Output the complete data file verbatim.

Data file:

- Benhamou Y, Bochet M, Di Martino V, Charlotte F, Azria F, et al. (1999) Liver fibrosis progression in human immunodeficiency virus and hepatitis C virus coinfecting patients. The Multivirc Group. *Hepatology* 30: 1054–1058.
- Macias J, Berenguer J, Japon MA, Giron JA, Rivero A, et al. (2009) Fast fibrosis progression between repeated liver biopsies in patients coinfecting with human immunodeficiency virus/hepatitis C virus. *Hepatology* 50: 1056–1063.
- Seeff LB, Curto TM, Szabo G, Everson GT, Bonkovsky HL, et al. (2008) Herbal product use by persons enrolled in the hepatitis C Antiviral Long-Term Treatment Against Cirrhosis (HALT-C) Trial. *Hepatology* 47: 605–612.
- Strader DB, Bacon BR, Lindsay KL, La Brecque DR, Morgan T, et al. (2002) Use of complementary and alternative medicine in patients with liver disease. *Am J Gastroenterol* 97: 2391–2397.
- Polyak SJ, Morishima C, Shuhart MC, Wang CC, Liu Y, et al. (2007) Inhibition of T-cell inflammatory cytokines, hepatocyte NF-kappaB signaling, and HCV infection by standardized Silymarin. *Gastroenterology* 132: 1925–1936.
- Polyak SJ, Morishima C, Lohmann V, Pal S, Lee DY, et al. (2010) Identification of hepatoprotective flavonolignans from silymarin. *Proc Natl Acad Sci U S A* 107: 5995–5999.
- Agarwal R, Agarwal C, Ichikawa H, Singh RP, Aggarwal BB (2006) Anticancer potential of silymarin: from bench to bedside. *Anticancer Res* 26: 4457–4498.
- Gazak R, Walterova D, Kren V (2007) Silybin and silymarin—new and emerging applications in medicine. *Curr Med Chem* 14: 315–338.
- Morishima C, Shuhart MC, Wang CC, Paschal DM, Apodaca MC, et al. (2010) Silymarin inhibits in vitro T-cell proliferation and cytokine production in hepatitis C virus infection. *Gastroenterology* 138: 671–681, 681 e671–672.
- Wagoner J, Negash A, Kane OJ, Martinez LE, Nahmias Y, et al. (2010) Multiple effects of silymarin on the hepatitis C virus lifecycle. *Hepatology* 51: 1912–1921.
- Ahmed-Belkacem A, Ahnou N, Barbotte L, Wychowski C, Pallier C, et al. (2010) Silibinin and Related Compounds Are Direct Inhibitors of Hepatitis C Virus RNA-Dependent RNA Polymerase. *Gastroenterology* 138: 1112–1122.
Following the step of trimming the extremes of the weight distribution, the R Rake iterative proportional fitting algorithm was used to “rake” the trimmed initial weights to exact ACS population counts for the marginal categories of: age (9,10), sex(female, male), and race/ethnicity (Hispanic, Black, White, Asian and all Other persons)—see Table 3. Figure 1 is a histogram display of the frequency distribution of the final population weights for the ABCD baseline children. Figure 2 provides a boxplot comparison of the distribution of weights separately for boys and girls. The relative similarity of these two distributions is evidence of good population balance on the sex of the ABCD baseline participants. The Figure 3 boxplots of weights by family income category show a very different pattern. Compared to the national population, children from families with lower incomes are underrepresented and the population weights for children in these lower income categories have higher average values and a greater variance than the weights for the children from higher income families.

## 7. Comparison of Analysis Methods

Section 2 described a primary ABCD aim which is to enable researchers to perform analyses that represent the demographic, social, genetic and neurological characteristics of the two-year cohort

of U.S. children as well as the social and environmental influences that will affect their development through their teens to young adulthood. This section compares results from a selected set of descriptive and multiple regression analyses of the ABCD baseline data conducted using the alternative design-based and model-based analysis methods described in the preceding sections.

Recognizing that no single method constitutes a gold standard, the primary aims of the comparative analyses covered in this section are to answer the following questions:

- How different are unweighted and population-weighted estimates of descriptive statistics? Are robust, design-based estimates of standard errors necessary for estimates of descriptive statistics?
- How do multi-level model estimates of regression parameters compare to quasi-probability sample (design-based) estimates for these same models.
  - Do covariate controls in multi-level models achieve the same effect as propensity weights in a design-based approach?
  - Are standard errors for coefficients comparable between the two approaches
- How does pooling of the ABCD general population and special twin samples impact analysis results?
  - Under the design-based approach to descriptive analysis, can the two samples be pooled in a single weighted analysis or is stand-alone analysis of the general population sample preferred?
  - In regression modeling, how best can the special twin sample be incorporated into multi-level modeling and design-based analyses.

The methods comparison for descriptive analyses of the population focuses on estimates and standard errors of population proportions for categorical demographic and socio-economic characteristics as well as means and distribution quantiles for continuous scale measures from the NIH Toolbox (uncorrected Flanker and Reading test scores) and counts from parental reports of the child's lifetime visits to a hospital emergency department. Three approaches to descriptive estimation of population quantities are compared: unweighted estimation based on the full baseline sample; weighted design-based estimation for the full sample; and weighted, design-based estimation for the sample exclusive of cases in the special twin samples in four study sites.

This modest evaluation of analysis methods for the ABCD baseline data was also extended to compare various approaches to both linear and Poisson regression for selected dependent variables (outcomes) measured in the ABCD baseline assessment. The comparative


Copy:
- Benhamou Y, Bochet M, Di Martino V, Charlotte F, Azria F, et al. (1999) Liver fibrosis progression in human immunodeficiency virus and hepatitis C virus coinfecting patients. The Multivirc Group. *Hepatology* 30: 1054–1058.
- Macias J, Berenguer J, Japon MA, Giron JA, Rivero A, et al. (2009) Fast fibrosis progression between repeated liver biopsies in patients coinfecting with human immunodeficiency virus/hepatitis C virus. *Hepatology* 50: 1056–1063.
- Seeff LB, Curto TM, Szabo G, Everson GT, Bonkovsky HL, et al. (2008) Herbal product use by persons enrolled in the hepatitis C Antiviral Long-Term Treatment Against Cirrhosis (HALT-C) Trial. *Hepatology* 47: 605–612.
- Strader DB, Bacon BR, Lindsay KL, La Brecque DR, Morgan T, et al. (2002) Use of complementary and alternative medicine in patients with liver disease. *Am J Gastroenterol* 97: 2391–2397.
- Polyak SJ, Morishima C, Shuhart MC, Wang CC, Liu Y, et al. (2007) Inhibition of T-cell inflammatory cytokines, hepatocyte NF-kappaB signaling, and HCV infection by standardized Silymarin. *Gastroenterology* 132: 1925–1936.
- Polyak SJ, Morishima C, Lohmann V, Pal S, Lee DY, et al. (2010) Identification of hepatoprotective flavonolignans from silymarin. *Proc Natl Acad Sci U S A* 107: 5995–5999.
- Agarwal R, Agarwal C, Ichikawa H, Singh RP, Aggarwal BB (2006) Anticancer potential of silymarin: from bench to bedside. *Anticancer Res* 26: 4457–4498.
- Gazak R, Walterova D, Kren V (2007) Silybin and silymarin—new and emerging applications in medicine. *Curr Med Chem* 14: 315–338.
- Morishima C, Shuhart MC, Wang CC, Paschal DM, Apodaca MC, et al. (2010) Silymarin inhibits in vitro T-cell proliferation and cytokine production in hepatitis C virus infection. *Gastroenterology* 138: 671–681, 681 e671–672.
- Wagoner J, Negash A, Kane OJ, Martinez LE, Nahmias Y, et al. (2010) Multiple effects of silymarin on the hepatitis C virus lifecycle. *Hepatology* 51: 1912–1921.
- Ahmed-Belkacem A, Ahnou N, Barbotte L, Wychowski C, Pallier C, et al. (2010) Silibinin and Related Compounds Are Direct Inhibitors of Hepatitis C Virus RNA-Dependent RNA Polymerase. *Gastroenterology* 138: 1112–1122.
Following the step of trimming the extremes of the weight distribution, the R Rake iterative proportional fitting algorithm was used to “rake” the trimmed initial weights to exact ACS population counts for the marginal categories of: age (9,10), sex(female, male), and race/ethnicity (Hispanic, Black, White, Asian and all Other persons)—see Table 3. Figure 1 is a histogram display of the frequency distribution of the final population weights for the ABCD baseline children. Figure 2 provides a boxplot comparison of the distribution of weights separately for boys and girls. The relative similarity of these two distributions is evidence of good population balance on the sex of the ABCD baseline participants. The Figure 3 boxplots of weights by family income category show a very different pattern. Compared to the national population, children from families with lower incomes are underrepresented and the population weights for children in these lower income categories have higher average values and a greater variance than the weights for the children from higher income families.

## 7. Comparison of Analysis Methods

Section 2 described a primary ABCD aim which is to enable researchers to perform analyses that represent the demographic, social, genetic and neurological characteristics of the two-year cohort

of U.S. children as well as the social and environmental influences that will affect their development through their teens to young adulthood. This section compares results from a selected set of descriptive and multiple regression analyses of the ABCD baseline data conducted using the alternative design-based and model-based analysis methods described in the preceding sections.

Recognizing that no single method constitutes a gold standard, the primary aims of the comparative analyses covered in this section are to answer the following questions:

- How different are unweighted and population-weighted estimates of descriptive statistics? Are robust, design-based estimates of standard errors necessary for estimates of descriptive statistics?
- How do multi-level model estimates of regression parameters compare to quasi-probability sample (design-based) estimates for these same models.
  - Do covariate controls in multi-level models achieve the same effect as propensity weights in a design-based approach?
  - Are standard errors for coefficients comparable between the two approaches
- How does pooling of the ABCD general population and special twin samples impact analysis results?
  - Under the design-based approach to descriptive analysis, can the two samples be pooled in a single weighted analysis or is stand-alone analysis of the general population sample preferred?
  - In regression modeling, how best can the special twin sample be incorporated into multi-level modeling and design-based analyses.

The methods comparison for descriptive analyses of the population focuses on estimates and standard errors of population proportions for categorical demographic and socio-economic characteristics as well as means and distribution quantiles for continuous scale measures from the NIH Toolbox (uncorrected Flanker and Reading test scores) and counts from parental reports of the child's lifetime visits to a hospital emergency department. Three approaches to descriptive estimation of population quantities are compared: unweighted estimation based on the full baseline sample; weighted design-based estimation for the full sample; and weighted, design-based estimation for the sample exclusive of cases in the special twin samples in four study sites.

This modest evaluation of analysis methods for the ABCD baseline data was also extended to compare various approaches to both linear and Poisson regression for selected dependent variables (outcomes) measured in the ABCD baseline assessment. The comparative